I also continue to be really, really fond of the way she handles the whole King of Fantasyland trope, in which our Standard High School Student is like, "Dude, guys, you want me to make decisions about how to run this country? I don't know anything about this country! I can't tell you whether it's more important to build dams or to fortify for winter!" And then goes off to LEARN about it. Because Fuyumi Oni is awesome.

2. I continue to love Yoko with a fiery passion. I love that her transformation into awesome kickass protagonist isn't complete, that she occasionally backslides into wanting approval and to please everyone - and then she catches herself, and is like "no, that's dumb, I'm not doing that," and fixes it. I love that she calls Keiki on his crap, I love how willing she is to learn from her mistakes, I love her continuing character development, and I also love the emphasis on accountability and responsibility.

3. And did I mention: accountability! Responsibility! These words are like music to my ears. This book is really focused on exploring the responsibility that a government has to its citizens, and what responsibility those citizens have to change the government when it's failing. I don't agree with all its answers, but I agree with a lot of them. And I love that Fuyumi Ono sets up a system where kings are literally chosen by divine fiat, and then uses that to explore the question even further: a lot of the questions I thought she backed out of in The Vast Spread of the Seas, she brings up again here.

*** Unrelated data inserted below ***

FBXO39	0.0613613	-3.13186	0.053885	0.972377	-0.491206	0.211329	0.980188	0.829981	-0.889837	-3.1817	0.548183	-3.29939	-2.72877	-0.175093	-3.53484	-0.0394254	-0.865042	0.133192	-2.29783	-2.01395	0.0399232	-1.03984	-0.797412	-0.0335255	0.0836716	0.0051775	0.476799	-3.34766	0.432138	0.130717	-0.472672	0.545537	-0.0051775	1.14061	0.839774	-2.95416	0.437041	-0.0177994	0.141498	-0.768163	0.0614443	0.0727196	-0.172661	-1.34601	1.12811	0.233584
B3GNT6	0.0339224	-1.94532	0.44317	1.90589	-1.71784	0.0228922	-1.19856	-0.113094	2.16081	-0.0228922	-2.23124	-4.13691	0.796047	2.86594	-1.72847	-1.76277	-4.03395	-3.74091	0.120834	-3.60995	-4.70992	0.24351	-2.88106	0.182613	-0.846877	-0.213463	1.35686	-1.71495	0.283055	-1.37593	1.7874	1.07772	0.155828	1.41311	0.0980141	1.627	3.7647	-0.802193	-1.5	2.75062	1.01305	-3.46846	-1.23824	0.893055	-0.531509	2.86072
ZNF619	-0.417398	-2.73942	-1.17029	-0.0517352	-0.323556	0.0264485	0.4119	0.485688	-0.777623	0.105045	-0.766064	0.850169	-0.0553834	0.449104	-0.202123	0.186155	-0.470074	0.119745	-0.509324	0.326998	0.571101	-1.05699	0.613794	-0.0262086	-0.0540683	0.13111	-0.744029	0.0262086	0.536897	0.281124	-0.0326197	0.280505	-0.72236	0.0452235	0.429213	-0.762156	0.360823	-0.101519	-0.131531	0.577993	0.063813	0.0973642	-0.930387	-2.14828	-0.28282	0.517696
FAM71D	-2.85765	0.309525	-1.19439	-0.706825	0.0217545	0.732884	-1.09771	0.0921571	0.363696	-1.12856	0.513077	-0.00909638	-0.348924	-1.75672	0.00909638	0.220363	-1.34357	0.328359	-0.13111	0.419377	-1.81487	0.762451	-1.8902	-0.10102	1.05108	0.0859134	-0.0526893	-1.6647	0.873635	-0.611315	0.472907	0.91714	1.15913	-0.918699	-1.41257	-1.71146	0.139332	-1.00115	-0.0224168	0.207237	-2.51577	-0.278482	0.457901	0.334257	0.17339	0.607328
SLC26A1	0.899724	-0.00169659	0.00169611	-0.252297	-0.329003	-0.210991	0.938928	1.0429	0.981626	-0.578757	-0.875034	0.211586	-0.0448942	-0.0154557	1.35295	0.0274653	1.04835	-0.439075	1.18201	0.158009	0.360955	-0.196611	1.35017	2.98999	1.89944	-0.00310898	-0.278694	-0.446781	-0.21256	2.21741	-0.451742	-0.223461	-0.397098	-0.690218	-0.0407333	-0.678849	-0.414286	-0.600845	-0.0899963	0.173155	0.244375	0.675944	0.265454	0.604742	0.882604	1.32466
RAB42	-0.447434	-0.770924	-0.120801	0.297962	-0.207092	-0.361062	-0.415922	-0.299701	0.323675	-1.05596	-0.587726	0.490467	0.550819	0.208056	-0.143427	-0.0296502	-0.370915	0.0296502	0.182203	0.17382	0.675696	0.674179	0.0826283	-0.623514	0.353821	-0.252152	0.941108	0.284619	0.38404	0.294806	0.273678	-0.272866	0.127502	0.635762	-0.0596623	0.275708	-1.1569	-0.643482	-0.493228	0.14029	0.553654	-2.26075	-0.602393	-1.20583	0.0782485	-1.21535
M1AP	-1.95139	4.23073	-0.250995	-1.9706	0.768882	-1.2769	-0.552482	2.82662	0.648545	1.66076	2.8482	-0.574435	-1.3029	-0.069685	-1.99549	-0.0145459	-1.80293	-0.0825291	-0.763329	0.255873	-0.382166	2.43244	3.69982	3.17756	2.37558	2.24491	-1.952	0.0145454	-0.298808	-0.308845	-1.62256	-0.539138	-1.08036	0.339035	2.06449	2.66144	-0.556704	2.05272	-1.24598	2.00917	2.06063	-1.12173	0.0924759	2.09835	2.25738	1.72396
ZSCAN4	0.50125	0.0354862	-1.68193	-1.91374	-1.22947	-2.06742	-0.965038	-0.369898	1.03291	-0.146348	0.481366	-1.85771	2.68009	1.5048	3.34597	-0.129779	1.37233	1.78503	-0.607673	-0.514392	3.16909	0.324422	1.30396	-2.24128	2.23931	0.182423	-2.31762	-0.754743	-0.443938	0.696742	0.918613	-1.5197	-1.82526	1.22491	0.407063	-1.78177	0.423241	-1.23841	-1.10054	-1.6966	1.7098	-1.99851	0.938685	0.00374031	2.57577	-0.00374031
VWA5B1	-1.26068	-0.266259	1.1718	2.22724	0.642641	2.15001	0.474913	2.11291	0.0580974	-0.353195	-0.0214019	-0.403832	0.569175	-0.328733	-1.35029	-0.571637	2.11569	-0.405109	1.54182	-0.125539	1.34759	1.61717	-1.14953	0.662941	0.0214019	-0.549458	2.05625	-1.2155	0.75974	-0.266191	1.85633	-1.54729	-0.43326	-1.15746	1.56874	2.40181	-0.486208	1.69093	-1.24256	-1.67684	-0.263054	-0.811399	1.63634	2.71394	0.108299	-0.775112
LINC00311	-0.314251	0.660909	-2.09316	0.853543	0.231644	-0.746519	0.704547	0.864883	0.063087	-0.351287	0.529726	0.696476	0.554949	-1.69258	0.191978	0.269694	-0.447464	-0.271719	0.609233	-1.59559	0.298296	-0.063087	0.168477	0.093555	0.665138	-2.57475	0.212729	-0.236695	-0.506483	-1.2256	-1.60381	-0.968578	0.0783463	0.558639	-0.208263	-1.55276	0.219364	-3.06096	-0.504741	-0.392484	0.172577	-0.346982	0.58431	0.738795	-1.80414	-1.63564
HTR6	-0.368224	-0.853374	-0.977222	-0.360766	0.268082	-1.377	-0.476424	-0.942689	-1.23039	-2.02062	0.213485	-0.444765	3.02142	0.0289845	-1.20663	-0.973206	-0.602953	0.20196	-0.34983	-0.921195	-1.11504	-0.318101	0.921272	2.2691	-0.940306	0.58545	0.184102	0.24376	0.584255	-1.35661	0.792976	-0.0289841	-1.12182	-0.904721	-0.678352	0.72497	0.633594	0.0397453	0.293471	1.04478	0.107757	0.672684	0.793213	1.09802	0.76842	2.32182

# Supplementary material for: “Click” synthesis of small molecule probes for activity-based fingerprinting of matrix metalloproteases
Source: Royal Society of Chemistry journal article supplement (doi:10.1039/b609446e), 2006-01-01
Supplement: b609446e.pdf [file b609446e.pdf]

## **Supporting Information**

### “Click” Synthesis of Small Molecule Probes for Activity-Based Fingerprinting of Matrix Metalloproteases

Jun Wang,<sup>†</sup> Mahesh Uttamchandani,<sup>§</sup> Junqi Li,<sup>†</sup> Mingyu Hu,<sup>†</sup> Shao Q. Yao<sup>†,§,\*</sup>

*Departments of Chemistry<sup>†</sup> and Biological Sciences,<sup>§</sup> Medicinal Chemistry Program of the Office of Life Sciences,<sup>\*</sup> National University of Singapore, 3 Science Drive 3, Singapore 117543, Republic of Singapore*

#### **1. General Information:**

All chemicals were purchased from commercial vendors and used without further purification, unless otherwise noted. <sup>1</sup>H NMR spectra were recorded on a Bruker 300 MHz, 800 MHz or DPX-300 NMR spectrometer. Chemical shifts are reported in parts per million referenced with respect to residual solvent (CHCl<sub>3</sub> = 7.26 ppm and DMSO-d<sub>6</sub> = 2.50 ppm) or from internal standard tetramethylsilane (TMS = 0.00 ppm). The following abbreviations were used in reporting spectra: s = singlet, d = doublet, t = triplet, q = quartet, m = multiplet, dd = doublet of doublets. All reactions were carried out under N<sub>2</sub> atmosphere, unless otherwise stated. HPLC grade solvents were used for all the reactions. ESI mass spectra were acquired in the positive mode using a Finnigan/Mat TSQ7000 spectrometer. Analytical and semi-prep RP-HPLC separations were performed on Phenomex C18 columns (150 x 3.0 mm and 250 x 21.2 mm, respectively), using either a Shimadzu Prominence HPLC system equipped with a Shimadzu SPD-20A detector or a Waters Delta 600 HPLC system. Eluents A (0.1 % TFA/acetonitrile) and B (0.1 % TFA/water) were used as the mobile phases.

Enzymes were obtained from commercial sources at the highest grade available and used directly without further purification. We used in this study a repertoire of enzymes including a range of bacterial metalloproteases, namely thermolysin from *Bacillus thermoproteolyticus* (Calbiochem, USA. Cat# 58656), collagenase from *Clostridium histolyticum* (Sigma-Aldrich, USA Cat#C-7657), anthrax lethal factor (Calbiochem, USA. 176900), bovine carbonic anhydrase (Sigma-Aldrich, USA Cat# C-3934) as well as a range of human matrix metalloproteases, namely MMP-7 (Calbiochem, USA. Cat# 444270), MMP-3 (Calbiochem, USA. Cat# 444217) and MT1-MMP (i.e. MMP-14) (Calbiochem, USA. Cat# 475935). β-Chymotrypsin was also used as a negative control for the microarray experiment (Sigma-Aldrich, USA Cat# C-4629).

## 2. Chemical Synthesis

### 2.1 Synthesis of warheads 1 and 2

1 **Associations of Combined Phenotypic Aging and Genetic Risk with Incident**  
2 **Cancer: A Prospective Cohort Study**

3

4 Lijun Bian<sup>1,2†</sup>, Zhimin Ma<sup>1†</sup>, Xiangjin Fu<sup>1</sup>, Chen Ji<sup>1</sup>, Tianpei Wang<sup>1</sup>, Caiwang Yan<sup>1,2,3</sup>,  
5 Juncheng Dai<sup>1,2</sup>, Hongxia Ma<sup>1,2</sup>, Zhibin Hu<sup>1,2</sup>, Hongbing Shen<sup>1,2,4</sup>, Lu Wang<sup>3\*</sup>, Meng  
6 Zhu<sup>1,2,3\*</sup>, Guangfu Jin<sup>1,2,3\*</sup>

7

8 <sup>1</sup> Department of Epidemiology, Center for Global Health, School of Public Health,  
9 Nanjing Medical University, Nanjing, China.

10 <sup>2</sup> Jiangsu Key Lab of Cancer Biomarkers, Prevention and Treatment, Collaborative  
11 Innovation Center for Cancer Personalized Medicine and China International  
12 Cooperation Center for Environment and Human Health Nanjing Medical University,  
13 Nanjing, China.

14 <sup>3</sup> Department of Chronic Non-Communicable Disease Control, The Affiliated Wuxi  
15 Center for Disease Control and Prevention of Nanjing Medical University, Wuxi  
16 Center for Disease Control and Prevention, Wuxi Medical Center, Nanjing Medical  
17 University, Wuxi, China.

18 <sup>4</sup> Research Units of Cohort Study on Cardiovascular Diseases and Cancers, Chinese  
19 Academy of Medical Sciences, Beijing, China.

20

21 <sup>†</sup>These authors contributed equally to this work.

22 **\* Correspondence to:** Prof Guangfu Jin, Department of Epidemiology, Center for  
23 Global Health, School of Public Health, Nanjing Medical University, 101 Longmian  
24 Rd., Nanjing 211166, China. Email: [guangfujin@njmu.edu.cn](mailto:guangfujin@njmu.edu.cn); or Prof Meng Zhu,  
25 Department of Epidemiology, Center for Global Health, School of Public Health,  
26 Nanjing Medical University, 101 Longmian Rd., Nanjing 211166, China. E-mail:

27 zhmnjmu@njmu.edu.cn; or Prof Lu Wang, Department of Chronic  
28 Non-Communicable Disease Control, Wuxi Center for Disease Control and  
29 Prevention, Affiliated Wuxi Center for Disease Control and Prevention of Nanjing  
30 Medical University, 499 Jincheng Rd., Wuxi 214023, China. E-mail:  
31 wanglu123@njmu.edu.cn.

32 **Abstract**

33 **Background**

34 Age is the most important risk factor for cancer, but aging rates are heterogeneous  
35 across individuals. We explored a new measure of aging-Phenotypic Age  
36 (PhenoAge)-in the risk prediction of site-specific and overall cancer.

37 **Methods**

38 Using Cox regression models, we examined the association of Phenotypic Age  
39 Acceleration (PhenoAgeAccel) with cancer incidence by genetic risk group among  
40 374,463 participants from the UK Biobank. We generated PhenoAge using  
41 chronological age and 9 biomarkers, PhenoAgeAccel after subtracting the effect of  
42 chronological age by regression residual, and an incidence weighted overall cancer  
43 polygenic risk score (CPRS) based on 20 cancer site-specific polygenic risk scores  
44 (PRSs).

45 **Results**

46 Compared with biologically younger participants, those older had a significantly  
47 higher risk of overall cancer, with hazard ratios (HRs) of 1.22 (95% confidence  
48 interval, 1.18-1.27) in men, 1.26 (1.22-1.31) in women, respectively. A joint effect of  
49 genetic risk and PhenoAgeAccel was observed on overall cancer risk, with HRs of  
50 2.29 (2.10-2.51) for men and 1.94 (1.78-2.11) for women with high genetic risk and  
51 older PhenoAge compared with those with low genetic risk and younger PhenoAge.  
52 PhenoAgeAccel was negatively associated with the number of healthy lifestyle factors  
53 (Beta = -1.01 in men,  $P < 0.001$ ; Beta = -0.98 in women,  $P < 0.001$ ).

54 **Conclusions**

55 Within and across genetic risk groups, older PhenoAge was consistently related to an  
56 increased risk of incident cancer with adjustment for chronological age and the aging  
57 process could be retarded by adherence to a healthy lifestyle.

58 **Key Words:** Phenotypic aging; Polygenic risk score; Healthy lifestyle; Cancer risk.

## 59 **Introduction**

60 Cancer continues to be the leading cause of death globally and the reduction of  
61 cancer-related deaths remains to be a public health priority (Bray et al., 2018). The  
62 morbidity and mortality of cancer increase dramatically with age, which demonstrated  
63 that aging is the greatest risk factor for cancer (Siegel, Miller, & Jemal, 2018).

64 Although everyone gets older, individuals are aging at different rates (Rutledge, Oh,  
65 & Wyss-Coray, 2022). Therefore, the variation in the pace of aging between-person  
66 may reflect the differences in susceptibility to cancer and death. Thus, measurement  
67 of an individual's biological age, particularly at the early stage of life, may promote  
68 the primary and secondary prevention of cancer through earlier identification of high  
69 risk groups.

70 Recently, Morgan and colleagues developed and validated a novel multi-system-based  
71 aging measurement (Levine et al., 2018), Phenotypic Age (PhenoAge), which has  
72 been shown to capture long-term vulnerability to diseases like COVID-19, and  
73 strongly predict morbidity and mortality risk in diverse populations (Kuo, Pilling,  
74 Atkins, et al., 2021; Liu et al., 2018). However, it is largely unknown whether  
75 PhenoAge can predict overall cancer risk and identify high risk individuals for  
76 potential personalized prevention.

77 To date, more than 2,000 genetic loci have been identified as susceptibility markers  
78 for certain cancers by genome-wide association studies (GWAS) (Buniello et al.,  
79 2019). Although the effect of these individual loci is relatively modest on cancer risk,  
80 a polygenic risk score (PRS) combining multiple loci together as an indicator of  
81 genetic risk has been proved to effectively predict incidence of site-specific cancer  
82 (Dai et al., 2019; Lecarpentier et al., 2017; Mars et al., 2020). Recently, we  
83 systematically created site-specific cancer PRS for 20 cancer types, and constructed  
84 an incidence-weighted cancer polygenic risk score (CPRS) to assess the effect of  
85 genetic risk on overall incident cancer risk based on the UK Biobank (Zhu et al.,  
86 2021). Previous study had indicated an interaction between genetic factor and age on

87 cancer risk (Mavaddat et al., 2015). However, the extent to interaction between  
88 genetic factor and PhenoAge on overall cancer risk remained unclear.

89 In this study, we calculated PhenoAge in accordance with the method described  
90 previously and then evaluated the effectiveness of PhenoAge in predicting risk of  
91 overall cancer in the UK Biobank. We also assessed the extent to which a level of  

4. 4 is spoilery and involves AWESOME LADIES )

And now it is a full year before the next book. ;_; Which is not even a Yoko book, though I'm cool with that because apparently it is about the King of Kyou, and I am SO CURIOUS about the bitchy immortal twelve-year-old-girl King of Kyou, who appears in this book mostly to announce to her magical unicorn advisor "I WISH YOU WERE SMALLER SO I COULD SMACK YOU IN THE FACE MORE EASILY WHEN YOU WERE BEING DUMB." Have I mentioned I love Fuyumi Ono's brain?